Edited by Dan in the MW on 8/30/2015, 9:56 am
With many current films, the audiences will respond to humor and laugh at the same jokes, but it seems exceedingly rare for the assembly to do anything more than quietly exit and resume talking while the credits roll.
I will be the first to concede that the Chicago Noir City festival experience is a much scaled down affair as compared to the festivals in San Francisco, Los Angeles or Palm Springs. While we have introductions by members of the Film Noir Foundation and occasional musical interludes supplied by a theater organist, to date only Harry Belafonte has graced the stage in Chicago. He appeared at the inaugural Chicago festival when "Odds Against Tomorrow" was exhibited. On one or two occasions, writers and historians have addressed the audiences. For example, this week the author of a recently published biography of Robert Ryan will appear when two of the late actor's films are screened.
It is quite understandable when an audience applauds when an actor or director is present at a screening. It is a different thing when sustained applause or a standing ovation follows the conclusion of a film when none of the cast or crew are among the living. One of the rare examples that I can recall from recent times followed a presentation of "For the Greater Glory." That film dealt with the anticlerical policies of the Mexican government which led to the state sanctioned persecution of religious Catholics. The audience response to that film in all likelihood resulted from the spiritual message of the movie.
On other occasions, I attended several Saturday matinees where newly remastered prints of Universal horror films were screened. I put down the audience lustily cheering and applauding the dynamiting of the dam in the climax of "Frankenstein Meets the Wolfman" to nostalgia. Lon Chaney and Bela Lugosi could not hear the applause, but these movies meant something to a generation of children who camped in front of their televisions on Saturdays. The first film shown at a film noir festival that I witnessed which provoked such a surprising response was "Fly By Night" which is a decidedly lightweight early Hollywood effort by Robert Siodmak. It was a crowd pleaser.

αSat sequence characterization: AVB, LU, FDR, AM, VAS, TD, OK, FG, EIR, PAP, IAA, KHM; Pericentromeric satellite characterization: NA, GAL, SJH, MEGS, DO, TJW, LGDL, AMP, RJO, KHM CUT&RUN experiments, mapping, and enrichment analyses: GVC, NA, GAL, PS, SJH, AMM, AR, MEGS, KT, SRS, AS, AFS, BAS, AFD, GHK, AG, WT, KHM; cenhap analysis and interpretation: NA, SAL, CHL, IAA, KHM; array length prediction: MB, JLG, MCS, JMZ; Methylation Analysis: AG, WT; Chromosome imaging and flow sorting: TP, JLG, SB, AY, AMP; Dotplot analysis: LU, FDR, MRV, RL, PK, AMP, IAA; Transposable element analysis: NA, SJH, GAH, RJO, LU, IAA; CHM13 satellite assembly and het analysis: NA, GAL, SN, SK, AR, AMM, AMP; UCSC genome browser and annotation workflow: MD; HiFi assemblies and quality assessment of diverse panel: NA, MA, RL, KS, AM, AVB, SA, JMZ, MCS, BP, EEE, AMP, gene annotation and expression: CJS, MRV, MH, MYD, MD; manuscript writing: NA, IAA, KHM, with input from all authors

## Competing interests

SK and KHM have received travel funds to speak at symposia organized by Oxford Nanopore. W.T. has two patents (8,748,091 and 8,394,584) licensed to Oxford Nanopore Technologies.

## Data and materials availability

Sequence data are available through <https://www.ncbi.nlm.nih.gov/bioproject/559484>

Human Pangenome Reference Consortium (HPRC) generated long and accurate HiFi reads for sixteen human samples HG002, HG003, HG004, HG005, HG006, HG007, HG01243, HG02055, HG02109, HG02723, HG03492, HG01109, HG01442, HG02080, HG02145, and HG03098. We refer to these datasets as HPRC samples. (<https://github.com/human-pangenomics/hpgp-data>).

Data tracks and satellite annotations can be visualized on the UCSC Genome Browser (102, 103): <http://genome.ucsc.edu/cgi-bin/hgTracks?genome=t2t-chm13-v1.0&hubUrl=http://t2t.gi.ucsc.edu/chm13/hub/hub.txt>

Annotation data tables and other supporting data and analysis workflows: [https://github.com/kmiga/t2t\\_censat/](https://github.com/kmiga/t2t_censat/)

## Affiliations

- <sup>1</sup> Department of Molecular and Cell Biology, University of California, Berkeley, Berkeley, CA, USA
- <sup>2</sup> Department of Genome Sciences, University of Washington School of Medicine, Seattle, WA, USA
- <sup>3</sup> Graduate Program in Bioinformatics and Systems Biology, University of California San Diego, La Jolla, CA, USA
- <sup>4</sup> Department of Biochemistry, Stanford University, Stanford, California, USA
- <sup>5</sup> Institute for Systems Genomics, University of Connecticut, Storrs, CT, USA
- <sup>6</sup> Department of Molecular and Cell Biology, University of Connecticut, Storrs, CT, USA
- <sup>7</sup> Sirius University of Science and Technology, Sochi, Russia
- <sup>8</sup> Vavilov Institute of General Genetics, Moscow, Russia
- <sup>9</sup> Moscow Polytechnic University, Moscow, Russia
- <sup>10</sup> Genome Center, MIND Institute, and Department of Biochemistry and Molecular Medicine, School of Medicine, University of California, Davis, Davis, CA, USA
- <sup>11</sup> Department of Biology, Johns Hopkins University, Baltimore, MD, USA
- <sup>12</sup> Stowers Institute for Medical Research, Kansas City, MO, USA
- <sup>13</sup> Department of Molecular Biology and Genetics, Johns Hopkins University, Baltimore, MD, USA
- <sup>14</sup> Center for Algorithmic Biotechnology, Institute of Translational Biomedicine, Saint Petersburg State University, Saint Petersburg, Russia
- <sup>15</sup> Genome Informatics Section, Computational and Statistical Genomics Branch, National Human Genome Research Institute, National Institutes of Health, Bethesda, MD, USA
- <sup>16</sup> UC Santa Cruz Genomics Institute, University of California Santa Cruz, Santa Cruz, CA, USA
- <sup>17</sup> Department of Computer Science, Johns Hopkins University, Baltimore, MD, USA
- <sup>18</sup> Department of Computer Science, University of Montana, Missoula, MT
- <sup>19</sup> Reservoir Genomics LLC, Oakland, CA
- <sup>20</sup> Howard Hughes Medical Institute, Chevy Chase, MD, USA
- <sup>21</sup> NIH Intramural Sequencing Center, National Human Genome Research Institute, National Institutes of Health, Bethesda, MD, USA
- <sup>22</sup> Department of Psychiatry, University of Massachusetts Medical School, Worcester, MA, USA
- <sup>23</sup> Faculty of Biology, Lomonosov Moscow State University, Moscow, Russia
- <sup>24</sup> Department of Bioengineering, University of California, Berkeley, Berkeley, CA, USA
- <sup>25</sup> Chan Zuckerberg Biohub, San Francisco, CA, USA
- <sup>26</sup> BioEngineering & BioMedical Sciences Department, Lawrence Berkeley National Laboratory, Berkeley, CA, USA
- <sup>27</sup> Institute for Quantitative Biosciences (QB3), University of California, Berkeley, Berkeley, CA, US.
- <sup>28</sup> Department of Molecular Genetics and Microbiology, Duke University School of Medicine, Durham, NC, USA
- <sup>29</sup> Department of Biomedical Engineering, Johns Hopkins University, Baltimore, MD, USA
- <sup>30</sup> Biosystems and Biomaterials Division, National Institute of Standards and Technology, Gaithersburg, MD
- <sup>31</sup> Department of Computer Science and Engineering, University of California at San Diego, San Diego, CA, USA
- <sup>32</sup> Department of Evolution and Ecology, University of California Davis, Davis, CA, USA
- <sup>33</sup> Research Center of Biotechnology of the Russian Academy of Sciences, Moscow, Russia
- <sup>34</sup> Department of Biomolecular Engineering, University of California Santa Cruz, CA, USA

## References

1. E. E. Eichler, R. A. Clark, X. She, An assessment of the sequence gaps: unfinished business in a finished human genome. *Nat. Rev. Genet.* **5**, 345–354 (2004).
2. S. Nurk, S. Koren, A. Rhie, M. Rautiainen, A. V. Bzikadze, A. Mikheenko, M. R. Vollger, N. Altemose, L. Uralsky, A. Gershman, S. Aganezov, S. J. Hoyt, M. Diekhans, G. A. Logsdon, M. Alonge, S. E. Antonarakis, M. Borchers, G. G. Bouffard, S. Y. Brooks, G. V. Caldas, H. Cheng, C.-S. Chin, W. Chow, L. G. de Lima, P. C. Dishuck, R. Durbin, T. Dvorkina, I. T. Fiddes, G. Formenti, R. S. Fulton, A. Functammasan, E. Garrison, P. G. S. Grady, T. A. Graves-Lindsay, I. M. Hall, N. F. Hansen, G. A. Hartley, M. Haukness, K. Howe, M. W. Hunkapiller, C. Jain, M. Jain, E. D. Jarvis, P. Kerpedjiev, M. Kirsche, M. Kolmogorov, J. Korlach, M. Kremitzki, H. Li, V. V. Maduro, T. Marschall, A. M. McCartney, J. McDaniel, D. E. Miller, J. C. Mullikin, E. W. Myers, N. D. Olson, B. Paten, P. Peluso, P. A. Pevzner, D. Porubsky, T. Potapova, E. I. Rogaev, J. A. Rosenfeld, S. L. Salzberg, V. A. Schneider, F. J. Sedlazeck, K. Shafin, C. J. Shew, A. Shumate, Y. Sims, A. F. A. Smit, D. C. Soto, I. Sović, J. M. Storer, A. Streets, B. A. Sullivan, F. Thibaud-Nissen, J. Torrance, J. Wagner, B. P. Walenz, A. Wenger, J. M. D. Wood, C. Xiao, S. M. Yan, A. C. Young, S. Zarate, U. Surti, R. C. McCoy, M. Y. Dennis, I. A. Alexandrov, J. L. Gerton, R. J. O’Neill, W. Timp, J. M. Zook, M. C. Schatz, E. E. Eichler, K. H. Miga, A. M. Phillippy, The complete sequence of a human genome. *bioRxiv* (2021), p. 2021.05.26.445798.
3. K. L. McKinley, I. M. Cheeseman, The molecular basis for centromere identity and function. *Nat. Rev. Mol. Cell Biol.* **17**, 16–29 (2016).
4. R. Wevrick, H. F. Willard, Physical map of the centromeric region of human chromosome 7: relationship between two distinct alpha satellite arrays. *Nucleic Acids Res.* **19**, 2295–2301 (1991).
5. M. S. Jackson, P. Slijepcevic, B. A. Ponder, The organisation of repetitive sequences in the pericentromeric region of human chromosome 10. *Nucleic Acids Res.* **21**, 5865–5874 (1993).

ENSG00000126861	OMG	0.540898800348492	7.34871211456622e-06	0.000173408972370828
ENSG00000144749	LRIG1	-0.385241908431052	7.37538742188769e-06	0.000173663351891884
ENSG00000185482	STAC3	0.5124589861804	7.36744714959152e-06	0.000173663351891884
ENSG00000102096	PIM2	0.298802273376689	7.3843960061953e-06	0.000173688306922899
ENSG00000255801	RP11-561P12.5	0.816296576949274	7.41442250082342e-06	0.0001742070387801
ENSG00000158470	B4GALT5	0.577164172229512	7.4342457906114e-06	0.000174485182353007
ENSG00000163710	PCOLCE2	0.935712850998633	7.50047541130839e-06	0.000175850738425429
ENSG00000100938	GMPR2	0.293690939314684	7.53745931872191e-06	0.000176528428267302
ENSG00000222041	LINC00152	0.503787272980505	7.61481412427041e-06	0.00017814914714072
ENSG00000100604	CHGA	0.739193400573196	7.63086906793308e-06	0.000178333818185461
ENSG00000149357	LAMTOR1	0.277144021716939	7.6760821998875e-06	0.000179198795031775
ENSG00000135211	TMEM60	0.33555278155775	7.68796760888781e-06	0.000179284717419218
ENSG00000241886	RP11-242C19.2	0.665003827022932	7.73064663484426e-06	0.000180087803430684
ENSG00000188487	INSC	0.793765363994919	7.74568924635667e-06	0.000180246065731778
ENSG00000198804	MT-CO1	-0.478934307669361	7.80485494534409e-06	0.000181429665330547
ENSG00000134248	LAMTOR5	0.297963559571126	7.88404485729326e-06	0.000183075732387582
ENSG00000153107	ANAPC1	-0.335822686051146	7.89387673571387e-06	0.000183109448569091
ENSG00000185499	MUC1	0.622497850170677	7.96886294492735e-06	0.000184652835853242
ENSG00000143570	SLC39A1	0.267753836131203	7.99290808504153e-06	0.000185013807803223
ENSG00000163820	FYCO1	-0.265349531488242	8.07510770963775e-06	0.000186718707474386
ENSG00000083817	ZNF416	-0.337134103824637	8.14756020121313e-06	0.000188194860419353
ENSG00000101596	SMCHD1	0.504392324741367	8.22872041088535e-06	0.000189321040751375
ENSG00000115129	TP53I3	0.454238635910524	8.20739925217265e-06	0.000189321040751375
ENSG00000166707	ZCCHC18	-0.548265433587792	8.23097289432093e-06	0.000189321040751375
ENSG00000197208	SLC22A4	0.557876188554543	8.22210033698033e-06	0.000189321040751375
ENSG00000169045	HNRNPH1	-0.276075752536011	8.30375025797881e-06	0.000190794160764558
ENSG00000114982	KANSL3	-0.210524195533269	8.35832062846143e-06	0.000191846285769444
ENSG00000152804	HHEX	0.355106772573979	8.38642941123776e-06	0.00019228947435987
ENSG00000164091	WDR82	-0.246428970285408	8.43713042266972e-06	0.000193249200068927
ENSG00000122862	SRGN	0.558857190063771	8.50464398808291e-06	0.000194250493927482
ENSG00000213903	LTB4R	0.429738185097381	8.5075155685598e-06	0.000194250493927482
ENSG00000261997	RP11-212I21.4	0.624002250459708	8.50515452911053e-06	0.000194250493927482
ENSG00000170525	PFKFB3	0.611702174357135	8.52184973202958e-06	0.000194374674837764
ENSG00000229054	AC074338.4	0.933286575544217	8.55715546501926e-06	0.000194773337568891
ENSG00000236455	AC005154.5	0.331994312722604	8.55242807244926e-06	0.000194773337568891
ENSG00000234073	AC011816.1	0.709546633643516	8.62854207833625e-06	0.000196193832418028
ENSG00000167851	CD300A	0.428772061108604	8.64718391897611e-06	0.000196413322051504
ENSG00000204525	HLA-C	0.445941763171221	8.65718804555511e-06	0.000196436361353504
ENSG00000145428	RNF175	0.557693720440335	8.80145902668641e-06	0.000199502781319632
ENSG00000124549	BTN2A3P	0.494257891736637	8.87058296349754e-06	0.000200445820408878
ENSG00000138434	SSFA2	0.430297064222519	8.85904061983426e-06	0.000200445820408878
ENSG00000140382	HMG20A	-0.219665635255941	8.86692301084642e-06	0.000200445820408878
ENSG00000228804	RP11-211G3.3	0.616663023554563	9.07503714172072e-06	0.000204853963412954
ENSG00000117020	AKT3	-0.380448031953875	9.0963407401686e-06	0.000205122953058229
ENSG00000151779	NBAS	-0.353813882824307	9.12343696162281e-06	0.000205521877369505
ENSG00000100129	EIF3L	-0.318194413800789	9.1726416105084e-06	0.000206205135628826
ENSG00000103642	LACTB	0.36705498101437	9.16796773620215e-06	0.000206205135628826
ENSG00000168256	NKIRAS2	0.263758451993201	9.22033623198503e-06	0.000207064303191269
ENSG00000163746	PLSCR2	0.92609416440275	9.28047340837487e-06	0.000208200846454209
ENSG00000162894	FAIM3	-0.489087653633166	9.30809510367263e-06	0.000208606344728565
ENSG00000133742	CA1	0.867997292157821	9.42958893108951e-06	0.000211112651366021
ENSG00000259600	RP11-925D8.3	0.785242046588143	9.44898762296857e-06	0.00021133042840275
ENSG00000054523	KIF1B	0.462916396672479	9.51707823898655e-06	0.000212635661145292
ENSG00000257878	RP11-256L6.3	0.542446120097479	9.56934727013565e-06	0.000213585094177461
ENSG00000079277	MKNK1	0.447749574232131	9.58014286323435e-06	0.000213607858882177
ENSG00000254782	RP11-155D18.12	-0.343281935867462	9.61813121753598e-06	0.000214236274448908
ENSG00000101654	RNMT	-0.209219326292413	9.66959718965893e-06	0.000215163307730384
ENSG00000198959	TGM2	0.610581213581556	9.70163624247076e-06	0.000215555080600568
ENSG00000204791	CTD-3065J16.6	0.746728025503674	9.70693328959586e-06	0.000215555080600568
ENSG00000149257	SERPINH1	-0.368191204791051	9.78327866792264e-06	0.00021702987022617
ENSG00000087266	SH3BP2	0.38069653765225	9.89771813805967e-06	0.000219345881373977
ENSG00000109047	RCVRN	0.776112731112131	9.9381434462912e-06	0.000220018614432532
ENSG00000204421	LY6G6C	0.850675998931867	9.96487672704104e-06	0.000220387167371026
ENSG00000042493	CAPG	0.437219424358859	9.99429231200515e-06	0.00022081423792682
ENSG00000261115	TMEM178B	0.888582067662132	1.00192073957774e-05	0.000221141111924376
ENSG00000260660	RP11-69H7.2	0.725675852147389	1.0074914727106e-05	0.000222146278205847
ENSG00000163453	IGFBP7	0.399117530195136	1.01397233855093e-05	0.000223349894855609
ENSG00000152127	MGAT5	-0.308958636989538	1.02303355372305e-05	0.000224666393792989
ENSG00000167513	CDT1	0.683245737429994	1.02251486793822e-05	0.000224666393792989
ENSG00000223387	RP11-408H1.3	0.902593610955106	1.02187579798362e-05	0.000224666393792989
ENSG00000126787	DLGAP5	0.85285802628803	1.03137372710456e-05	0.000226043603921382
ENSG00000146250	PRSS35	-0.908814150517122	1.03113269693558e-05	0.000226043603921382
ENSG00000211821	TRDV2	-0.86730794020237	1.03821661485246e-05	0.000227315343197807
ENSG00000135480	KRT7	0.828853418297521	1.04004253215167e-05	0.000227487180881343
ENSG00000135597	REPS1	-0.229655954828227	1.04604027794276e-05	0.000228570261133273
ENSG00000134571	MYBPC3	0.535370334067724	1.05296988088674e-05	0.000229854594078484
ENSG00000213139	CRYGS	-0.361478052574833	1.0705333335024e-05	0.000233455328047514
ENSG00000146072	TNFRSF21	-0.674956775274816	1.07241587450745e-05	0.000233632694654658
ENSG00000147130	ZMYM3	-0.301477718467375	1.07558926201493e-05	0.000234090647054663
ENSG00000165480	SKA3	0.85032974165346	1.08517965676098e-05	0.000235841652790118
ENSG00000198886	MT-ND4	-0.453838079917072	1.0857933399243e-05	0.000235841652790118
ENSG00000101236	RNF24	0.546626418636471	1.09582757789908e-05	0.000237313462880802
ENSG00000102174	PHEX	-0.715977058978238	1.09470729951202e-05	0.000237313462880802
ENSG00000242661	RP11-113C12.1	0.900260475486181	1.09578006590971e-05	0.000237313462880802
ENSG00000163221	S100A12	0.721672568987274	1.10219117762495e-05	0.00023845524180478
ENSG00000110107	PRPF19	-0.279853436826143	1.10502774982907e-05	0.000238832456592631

As for the films shown at the film noir festival, a few of the titles were quite obscure, but high quality prints of independent productions that were difficult to individual audience members to see on in worthwhile DVD copies or cable television. Two films shown Saturday were made by people who worked for or graduated from Poverty Row studios (Monogram and Producers Releasing Corporation). The others were Spanish language features from Argentina being shown with English subtitles.
At some level, the film makers of that era managed to connect with the collective psyche of the audiences watching in ways that current Hollywood types can seldom manage. None of these films were praised by the Academy of Motion Picture Arts and Sciences. All the same, the movies are high quality productions that have stood the test of time and still please film goers sixty plus years after their initial release. It is another argument while film preservation is so worthwhile.